Fortunately, Deepfake technology is not perfect in its current form yet. There are still tell-tale signs like lifeless, unblinking eyes and jerky facial movements. In short, they still look unnatural, and like most CGI, they are still stuck in “uncanny valley” territory.
Unnatural blinking, in particular, is a good indicator of a Deepfake video. The reason behind this apparent flaw is interesting.
Speaking to Wired, computer researcher Siwei Liu said that Deepfake technology “doesn’t get blinking” yet and Deepfake programs also tend to miss physiological signals intrinsic to human beings.
Do you ever get that uncanny valley feeling you get when you’re watching computer generated actors (Carrie Fisher and Peter Cushing in Star Wars Rogue One, for example)? You just can’t put your finger on it but something is just a bit off.
This tells a lot about the technology itself in its current form. Do a Google Image search of an individual and you’ll rarely see them with closed eyes (if ever.) If you’ve ever taken a portrait or a selfie, you know that a shot of the subject with their eyes closed is a big no-no and it’s usually marked for deletion.
Another factor that causes Deepfake rendering flaws is human psychology itself. Similar to other animation programs, you can’t just cobble together a large number of snapshots and have software and artificial intelligence perfectly mimic the personality and respective idiosyncrasies of a human being.
A talented animator may be able to pull it off but it will take an enormous amount of skill and effort to evade detection.
In a Deepfake video future, what’s being done to spot them?
As we enter this new era of video misinformation, perhaps our biggest weapon against Deepfakes is awareness.
If we start recognizing the fact that powerful video manipulation is now widely accessible and can be easily done by anyone, we should start being more critical and mindful of all the video content that we encounter every day.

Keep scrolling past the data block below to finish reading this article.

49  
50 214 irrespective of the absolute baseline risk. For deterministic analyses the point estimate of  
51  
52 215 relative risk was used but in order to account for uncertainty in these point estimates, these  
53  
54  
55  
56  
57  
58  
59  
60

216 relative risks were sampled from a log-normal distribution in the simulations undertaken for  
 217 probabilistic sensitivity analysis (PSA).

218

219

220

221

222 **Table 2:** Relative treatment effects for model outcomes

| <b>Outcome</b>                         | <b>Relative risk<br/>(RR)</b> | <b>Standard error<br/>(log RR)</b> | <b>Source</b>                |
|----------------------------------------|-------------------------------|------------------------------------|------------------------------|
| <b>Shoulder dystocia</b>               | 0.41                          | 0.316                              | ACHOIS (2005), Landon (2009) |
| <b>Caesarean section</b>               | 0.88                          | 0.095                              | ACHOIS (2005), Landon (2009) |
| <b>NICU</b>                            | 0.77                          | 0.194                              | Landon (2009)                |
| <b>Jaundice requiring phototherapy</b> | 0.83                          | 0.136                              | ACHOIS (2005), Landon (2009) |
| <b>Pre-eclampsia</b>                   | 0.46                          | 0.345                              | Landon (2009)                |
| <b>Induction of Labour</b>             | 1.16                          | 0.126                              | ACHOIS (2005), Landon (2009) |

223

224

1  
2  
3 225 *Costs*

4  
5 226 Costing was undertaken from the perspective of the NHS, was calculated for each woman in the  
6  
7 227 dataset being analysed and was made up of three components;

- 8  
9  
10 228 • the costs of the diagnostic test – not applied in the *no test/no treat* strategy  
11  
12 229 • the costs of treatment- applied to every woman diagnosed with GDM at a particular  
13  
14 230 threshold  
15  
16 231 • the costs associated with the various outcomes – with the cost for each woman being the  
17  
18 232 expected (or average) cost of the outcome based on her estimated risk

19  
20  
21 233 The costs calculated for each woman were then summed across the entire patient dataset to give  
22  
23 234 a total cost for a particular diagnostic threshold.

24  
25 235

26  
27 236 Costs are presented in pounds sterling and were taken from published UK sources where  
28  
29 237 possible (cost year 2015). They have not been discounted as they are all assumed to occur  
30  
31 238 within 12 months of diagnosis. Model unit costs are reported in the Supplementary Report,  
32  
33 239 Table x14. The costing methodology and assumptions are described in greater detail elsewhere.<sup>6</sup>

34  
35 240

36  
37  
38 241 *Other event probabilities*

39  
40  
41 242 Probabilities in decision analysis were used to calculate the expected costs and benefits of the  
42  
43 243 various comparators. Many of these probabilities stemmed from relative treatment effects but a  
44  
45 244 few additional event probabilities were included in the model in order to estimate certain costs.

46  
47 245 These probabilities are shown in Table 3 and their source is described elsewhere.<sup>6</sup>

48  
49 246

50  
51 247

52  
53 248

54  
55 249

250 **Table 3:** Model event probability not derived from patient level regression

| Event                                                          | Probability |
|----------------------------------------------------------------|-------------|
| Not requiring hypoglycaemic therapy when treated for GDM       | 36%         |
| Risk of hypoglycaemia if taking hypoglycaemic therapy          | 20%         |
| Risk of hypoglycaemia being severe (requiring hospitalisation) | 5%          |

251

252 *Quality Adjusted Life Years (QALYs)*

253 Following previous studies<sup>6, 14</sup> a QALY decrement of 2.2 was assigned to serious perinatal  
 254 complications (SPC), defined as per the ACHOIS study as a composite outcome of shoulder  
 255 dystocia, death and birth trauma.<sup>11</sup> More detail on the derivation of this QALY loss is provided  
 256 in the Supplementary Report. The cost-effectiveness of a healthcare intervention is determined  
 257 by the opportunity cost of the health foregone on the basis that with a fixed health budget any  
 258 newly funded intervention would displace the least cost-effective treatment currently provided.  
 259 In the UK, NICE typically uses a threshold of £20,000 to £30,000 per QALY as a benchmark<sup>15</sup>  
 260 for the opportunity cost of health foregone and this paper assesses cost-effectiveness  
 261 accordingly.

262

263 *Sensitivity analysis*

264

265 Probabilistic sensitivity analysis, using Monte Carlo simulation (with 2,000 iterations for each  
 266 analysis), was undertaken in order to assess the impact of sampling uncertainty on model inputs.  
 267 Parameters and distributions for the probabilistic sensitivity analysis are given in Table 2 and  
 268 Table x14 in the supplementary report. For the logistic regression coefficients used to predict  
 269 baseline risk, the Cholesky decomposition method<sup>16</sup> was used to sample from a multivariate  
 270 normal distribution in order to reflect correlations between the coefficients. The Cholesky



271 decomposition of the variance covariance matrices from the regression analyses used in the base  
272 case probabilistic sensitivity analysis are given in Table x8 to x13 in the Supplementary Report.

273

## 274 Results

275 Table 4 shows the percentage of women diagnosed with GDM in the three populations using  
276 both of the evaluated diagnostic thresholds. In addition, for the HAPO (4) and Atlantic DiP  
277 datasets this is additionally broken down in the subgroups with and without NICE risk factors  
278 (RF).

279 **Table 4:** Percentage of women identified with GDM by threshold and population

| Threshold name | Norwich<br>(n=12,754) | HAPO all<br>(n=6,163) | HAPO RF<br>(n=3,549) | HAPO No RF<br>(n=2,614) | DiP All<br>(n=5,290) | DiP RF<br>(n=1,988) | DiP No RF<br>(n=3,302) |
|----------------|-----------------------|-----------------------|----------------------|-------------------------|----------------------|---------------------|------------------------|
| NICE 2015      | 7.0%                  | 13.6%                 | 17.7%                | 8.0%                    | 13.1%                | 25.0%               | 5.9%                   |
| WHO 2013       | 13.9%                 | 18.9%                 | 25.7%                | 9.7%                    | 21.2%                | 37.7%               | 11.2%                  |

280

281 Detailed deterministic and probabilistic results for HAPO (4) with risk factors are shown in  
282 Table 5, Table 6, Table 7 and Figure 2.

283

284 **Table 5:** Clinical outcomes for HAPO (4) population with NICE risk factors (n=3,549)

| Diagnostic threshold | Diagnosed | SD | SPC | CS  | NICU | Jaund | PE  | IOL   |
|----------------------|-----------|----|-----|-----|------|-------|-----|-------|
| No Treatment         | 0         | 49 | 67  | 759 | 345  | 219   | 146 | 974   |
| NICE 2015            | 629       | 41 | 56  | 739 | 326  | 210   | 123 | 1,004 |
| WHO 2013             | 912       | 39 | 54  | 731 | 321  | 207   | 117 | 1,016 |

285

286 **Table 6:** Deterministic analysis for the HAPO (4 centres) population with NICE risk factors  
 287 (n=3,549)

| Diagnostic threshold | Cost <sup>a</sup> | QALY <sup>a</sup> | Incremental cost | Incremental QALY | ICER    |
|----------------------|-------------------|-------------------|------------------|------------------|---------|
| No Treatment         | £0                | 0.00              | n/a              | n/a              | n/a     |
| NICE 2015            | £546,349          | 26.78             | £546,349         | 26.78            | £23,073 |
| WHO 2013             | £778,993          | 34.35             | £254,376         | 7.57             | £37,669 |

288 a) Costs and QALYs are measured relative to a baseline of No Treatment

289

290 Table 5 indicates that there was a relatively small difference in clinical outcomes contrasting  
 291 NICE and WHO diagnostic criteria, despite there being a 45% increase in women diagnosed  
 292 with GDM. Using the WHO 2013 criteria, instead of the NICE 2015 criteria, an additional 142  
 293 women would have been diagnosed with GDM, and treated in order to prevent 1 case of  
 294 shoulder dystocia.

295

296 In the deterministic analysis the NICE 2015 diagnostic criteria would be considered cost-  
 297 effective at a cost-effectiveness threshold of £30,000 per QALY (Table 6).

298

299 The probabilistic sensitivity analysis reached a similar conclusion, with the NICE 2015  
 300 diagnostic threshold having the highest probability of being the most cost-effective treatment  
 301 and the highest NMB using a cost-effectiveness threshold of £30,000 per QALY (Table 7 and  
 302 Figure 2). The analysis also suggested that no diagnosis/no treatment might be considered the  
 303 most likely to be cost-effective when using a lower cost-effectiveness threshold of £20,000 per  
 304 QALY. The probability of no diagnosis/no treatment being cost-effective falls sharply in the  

Fortunately, the U.S. government is already knee-deep in developing technologies that can detect Deepfake videos. For example, the U.S. Defense Advanced Research Projects Agency is already two years into its four-year program to find methods to combat fake videos and images.
Other programs like Darpa’s MediFor are also developing an automated system that can detect fake videos and give them an “integrity score” based on three levels: digital fingerprints, physical elements (such as lighting) and semantics (comparing the content to facts.) In fact, Darpa is hoping that by the end of the MediFor program, there are already prototype fake video detection systems they can test at scale.
Another program is being developed at Los Alamos National Lab that tackles the issue in the pixel level. Focusing on a video’s “compressibility,” this approach looks at image data that appears to be repeated during the course of the video, indicating that some of the pixels are being recycled by a Deepfake program.
Hopefully, these fake video busting techniques will develop fast enough and keep up with the rapid advancements in Deepfake technology itself.